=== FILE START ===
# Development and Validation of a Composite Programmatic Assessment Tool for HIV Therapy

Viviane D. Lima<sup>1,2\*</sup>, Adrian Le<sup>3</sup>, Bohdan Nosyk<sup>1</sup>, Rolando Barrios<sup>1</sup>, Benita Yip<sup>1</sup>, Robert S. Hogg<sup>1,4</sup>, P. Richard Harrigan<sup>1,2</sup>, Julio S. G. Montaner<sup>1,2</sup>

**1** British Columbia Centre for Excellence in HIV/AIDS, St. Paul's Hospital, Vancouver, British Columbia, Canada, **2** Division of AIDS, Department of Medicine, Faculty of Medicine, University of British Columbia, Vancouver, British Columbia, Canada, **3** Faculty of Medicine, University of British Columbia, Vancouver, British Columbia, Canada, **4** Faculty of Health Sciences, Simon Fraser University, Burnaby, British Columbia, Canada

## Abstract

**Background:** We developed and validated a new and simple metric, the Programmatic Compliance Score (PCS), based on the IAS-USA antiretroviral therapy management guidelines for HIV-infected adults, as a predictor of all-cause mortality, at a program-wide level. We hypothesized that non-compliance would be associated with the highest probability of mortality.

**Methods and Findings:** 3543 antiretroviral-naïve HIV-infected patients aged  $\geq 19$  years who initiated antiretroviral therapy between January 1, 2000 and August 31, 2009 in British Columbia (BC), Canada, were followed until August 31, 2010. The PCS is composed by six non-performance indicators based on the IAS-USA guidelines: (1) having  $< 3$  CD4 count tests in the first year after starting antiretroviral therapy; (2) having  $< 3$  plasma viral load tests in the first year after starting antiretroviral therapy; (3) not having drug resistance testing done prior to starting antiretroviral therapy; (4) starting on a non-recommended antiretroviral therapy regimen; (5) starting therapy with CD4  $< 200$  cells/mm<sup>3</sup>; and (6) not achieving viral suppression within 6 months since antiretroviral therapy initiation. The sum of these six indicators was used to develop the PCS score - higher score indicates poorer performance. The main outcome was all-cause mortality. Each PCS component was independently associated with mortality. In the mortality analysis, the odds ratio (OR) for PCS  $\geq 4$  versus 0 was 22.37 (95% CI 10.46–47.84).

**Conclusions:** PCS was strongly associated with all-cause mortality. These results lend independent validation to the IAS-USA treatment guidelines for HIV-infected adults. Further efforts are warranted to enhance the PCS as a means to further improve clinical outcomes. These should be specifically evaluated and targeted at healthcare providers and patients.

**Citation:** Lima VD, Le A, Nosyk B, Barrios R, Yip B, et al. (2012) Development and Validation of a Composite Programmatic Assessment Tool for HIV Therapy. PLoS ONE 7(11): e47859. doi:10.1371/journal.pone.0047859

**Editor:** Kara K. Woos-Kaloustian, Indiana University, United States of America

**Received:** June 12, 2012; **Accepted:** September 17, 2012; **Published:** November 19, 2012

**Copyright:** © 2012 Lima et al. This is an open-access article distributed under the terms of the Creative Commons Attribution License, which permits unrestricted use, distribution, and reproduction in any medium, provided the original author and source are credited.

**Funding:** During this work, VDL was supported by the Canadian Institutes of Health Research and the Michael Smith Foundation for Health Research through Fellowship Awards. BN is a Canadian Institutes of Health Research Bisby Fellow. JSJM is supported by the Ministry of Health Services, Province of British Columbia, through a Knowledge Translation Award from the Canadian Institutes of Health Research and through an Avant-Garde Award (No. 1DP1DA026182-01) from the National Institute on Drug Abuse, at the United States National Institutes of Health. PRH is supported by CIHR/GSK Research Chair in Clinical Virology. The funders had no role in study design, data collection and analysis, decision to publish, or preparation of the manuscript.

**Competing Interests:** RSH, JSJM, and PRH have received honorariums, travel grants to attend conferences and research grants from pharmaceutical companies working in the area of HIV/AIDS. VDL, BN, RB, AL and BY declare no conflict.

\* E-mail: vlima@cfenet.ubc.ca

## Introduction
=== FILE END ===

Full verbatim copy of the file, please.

# Development and Validation of a Composite Programmatic Assessment Tool for HIV Therapy

Viviane D. Lima<sup>1,2\*</sup>, Adrian Le<sup>3</sup>, Bohdan Nosyk<sup>1</sup>, Rolando Barrios<sup>1</sup>, Benita Yip<sup>1</sup>, Robert S. Hogg<sup>1,4</sup>, P. Richard Harrigan<sup>1,2</sup>, Julio S. G. Montaner<sup>1,2</sup>

**1** British Columbia Centre for Excellence in HIV/AIDS, St. Paul's Hospital, Vancouver, British Columbia, Canada, **2** Division of AIDS, Department of Medicine, Faculty of Medicine, University of British Columbia, Vancouver, British Columbia, Canada, **3** Faculty of Medicine, University of British Columbia, Vancouver, British Columbia, Canada, **4** Faculty of Health Sciences, Simon Fraser University, Burnaby, British Columbia, Canada

## Abstract

**Background:** We developed and validated a new and simple metric, the Programmatic Compliance Score (PCS), based on the IAS-USA antiretroviral therapy management guidelines for HIV-infected adults, as a predictor of all-cause mortality, at a program-wide level. We hypothesized that non-compliance would be associated with the highest probability of mortality.

**Methods and Findings:** 3543 antiretroviral-naïve HIV-infected patients aged  $\geq 19$  years who initiated antiretroviral therapy between January 1, 2000 and August 31, 2009 in British Columbia (BC), Canada, were followed until August 31, 2010. The PCS is composed by six non-performance indicators based on the IAS-USA guidelines: (1) having  $< 3$  CD4 count tests in the first year after starting antiretroviral therapy; (2) having  $< 3$  plasma viral load tests in the first year after starting antiretroviral therapy; (3) not having drug resistance testing done prior to starting antiretroviral therapy; (4) starting on a non-recommended antiretroviral therapy regimen; (5) starting therapy with CD4  $< 200$  cells/mm<sup>3</sup>; and (6) not achieving viral suppression within 6 months since antiretroviral therapy initiation. The sum of these six indicators was used to develop the PCS score - higher score indicates poorer performance. The main outcome was all-cause mortality. Each PCS component was independently associated with mortality. In the mortality analysis, the odds ratio (OR) for PCS  $\geq 4$  versus 0 was 22.37 (95% CI 10.46–47.84).

**Conclusions:** PCS was strongly associated with all-cause mortality. These results lend independent validation to the IAS-USA treatment guidelines for HIV-infected adults. Further efforts are warranted to enhance the PCS as a means to further improve clinical outcomes. These should be specifically evaluated and targeted at healthcare providers and patients.

**Citation:** Lima VD, Le A, Nosyk B, Barrios R, Yip B, et al. (2012) Development and Validation of a Composite Programmatic Assessment Tool for HIV Therapy. PLoS ONE 7(11): e47859. doi:10.1371/journal.pone.0047859

**Editor:** Kara K. Woos-Kaloustian, Indiana University, United States of America

**Received:** June 12, 2012; **Accepted:** September 17, 2012; **Published:** November 19, 2012

**Copyright:** © 2012 Lima et al. This is an open-access article distributed under the terms of the Creative Commons Attribution License, which permits unrestricted use, distribution, and reproduction in any medium, provided the original author and source are credited.

**Funding:** During this work, VDL was supported by the Canadian Institutes of Health Research and the Michael Smith Foundation for Health Research through Fellowship Awards. BN is a Canadian Institutes of Health Research Bisby Fellow. JSJM is supported by the Ministry of Health Services, Province of British Columbia, through a Knowledge Translation Award from the Canadian Institutes of Health Research and through an Avant-Garde Award (No. 1DP1DA026182-01) from the National Institute on Drug Abuse, at the United States National Institutes of Health. PRH is supported by CIHR/GSK Research Chair in Clinical Virology. The funders had no role in study design, data collection and analysis, decision to publish, or preparation of the manuscript.

**Competing Interests:** RSH, JSJM, and PRH have received honorariums, travel grants to attend conferences and research grants from pharmaceutical companies working in the area of HIV/AIDS. VDL, BN, RB, AL and BY declare no conflict.

\* E-mail: vlima@cfenet.ubc.ca

## Introduction